While there is no one diabetic diet, there are two meal planning tools — the exchange list and carbohydrate counting — used to help people with diabetes eat better. The exchange list divides foods into groups based on similarities in nutritional content, and you are allowed a certain number of servings from each food group based on calorie needs and food preferences. Carbohydrate counting requires you count the number of carbs you eat at each meal and snack, sticking to a specific amount determined by your doctor or dietitian. Both plans require careful counting and measuring of what you eat. Some people may find either of these meal planning tools too complicated to follow.

What Are the Benefits of Okra for People With Diabetes?

What Are the Benefits of Okra for People With Diabetes?

 Diabetes is the sixth leading cause of death in the United States. Diabetes contributes to the development of deadly conditions like cardiovascular disease and end-stage renal disease. Consuming a healthy diet can help those who have type 1 and 2 diabetes control their blood sugar, and help reduce the risk of developing type 2 diabetes. There are a number of diabetes-related benefits of adding okra to your healthy eating plan.

Glycemic Index

The glycemix index (GI) is a measurement of how quickly carbohydrates in foods turns to sugar in your blood. Regularly consuming low GI foods like okra can help even out roller coaster blood sugar levels and aid in weight control. Okra has a GI below 20, which is considered a “low GI” food.

Kidney Disease

Almost half of all cases of kidney disease are the result of diabetes. Keeping your blood sugar within a healthy range, treating high blood pressure and maintaining a normal body weight can reduce your risk of kidney disease. Additionally, regularly consuming okra can keep kidney disease at bay, according to study results published in the October 2005 “Jilin Medical Journal.” In this study of diabetics, those who ate okra daily reduced clinical signs of kidney damage more than those that simply ate a diabetic diet.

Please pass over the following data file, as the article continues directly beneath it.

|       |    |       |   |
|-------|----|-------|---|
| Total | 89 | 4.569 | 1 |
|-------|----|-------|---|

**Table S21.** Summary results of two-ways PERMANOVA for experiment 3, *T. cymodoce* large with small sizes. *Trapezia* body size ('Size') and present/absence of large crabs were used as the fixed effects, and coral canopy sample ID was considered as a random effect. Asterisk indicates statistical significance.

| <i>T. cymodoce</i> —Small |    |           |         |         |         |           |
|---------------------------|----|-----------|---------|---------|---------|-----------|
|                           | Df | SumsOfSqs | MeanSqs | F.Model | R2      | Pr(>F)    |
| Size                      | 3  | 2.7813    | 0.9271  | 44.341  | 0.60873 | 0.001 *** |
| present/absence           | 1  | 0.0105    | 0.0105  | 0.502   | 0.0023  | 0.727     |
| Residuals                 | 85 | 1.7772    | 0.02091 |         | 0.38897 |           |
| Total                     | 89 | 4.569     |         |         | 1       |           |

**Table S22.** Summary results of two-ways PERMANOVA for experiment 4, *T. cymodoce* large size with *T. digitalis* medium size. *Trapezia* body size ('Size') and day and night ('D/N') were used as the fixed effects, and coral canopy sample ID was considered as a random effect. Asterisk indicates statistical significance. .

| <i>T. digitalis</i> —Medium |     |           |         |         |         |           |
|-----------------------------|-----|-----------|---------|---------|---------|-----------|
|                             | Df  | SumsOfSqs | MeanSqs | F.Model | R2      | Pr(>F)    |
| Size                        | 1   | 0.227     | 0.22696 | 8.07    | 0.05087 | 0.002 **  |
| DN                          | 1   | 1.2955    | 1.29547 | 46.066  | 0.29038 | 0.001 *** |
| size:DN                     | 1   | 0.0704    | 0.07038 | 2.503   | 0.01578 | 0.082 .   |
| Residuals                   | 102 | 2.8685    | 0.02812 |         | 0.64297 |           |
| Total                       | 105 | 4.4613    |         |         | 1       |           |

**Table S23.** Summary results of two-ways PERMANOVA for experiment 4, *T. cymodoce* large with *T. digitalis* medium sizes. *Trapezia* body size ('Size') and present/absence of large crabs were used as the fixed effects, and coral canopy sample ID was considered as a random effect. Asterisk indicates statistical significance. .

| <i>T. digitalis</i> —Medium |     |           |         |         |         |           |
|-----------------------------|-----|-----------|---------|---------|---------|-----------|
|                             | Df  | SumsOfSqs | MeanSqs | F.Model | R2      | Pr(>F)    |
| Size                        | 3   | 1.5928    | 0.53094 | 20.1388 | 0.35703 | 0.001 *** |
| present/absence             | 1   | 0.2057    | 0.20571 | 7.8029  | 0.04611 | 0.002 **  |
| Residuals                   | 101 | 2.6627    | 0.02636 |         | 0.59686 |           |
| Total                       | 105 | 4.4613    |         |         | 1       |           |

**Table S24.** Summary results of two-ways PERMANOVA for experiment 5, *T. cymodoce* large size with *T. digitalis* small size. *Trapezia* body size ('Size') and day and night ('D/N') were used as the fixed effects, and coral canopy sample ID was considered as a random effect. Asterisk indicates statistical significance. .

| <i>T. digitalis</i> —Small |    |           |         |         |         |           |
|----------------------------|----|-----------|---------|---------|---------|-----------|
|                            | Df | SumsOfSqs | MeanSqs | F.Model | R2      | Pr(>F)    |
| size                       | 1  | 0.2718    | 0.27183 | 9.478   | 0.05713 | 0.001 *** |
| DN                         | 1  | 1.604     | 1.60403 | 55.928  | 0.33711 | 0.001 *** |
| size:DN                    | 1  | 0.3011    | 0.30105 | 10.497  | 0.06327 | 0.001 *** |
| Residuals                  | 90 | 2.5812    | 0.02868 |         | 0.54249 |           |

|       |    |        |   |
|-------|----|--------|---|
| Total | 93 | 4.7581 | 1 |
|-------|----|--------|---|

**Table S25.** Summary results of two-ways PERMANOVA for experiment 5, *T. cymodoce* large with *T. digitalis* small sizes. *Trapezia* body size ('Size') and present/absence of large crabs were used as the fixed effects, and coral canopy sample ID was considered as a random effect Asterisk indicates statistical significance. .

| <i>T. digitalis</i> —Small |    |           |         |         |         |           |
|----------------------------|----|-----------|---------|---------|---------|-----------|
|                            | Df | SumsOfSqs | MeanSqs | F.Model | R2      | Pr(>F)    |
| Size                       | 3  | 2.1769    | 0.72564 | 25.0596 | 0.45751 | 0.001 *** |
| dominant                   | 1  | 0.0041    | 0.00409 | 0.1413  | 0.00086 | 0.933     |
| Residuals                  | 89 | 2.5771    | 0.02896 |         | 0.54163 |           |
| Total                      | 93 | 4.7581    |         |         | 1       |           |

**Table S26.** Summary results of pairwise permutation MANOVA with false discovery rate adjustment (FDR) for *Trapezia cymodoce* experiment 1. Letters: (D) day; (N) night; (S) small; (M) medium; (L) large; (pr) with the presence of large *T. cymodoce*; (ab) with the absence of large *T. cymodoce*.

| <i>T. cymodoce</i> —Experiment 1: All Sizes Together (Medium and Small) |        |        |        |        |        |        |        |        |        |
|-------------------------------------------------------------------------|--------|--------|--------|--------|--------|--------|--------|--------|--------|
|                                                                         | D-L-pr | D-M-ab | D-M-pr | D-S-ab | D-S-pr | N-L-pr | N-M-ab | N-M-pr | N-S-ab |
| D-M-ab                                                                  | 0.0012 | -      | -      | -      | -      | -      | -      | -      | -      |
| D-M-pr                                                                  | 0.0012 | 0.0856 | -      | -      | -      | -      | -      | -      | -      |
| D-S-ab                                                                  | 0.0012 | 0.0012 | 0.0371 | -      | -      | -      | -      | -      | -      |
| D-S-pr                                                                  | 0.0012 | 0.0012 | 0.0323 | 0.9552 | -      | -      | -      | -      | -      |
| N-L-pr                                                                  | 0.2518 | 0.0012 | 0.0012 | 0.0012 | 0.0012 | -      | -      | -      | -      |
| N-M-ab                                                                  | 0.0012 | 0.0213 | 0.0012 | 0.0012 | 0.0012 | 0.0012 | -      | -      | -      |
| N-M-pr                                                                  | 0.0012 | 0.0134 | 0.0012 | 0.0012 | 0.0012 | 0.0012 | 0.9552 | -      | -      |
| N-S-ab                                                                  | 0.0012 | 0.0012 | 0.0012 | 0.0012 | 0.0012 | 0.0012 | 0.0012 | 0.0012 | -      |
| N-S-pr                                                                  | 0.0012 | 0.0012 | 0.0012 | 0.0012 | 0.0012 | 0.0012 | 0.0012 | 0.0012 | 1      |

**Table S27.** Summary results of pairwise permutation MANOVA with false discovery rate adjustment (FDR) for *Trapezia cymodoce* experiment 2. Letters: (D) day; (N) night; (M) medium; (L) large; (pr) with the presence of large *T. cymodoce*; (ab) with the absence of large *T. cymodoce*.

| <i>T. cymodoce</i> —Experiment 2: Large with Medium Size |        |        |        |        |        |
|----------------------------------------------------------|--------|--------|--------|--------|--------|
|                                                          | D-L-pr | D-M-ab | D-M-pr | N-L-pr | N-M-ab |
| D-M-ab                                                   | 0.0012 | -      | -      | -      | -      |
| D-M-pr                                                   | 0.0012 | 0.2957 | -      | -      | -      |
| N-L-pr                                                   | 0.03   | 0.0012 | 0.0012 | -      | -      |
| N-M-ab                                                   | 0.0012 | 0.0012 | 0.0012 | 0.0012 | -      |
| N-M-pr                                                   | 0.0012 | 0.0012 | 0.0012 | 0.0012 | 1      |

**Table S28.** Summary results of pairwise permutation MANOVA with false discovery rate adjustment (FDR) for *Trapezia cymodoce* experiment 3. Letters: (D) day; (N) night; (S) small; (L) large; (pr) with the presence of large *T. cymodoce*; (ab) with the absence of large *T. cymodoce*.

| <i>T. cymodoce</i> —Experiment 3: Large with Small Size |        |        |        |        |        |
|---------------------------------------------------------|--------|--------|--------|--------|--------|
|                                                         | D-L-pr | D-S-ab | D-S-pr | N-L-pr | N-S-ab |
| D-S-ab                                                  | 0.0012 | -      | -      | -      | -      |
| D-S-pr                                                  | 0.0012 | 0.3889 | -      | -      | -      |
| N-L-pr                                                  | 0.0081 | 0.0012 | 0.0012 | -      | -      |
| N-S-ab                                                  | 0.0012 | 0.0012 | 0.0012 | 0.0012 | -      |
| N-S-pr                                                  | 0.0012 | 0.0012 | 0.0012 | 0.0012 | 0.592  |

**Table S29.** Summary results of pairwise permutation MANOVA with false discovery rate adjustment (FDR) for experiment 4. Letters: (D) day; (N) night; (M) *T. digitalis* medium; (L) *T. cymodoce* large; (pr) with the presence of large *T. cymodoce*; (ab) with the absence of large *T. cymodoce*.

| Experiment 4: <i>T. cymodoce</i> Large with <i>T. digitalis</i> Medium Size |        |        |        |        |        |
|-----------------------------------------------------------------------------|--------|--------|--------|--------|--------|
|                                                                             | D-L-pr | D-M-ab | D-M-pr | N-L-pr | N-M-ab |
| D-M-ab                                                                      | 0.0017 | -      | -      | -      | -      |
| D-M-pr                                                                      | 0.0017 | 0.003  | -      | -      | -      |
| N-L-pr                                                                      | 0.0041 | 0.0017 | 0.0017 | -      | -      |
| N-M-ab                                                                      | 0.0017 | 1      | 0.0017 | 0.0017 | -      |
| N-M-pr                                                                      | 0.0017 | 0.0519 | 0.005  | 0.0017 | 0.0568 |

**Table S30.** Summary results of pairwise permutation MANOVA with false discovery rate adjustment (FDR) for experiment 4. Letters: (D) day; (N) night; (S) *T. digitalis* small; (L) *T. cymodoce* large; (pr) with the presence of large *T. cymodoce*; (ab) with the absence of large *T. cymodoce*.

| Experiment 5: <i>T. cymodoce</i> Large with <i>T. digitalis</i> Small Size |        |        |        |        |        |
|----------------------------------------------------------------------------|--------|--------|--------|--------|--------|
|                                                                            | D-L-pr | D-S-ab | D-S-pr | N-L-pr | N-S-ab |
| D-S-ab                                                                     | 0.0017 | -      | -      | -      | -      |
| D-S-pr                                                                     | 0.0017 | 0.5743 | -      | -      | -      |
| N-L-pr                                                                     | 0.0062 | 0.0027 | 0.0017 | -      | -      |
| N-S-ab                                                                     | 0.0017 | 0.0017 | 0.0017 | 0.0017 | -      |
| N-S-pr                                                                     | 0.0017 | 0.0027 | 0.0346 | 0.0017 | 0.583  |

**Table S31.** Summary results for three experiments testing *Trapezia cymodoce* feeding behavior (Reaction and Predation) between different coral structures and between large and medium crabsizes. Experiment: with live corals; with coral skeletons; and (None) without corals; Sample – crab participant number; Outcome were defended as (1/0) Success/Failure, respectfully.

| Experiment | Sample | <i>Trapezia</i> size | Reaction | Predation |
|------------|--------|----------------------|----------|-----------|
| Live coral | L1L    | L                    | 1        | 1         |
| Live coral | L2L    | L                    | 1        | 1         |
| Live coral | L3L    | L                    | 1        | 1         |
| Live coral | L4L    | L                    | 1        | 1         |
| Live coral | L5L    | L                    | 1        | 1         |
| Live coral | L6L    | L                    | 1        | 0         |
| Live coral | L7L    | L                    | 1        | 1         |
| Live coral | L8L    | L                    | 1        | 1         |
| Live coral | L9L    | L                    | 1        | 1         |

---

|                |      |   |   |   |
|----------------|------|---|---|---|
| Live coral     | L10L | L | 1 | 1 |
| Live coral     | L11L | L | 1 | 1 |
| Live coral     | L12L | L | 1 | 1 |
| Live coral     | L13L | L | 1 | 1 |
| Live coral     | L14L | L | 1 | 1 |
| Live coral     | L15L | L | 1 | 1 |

Soluble Fiber

Nearly 50 percent of the fiber found in okra is in the form of soluble fiber. This type of fiber slows digestion, delaying and reducing the impact of carbohydrate-rich foods on blood sugar levels. Eating at least 25 g of fiber per day can help reduce high blood sugar levels. Soluble fiber may also keep your appetite under control, making weight loss easier.

Heart Disease

People with diabetes have a higher risk for heart disease than those that don’t. Diabetics who regularly consume vegetables in general, including okra, reduce their heart disease risk, according to study results found in the April 2008 “Journal of Nutrition.” In this study, type 2 diabetics who ate vegetables had a 10 percent lower heart disease risk when compared to those who seldom ate vegetables.

List of Foods Good for Pre-Diabetics

List of Foods Good for Pre-Diabetics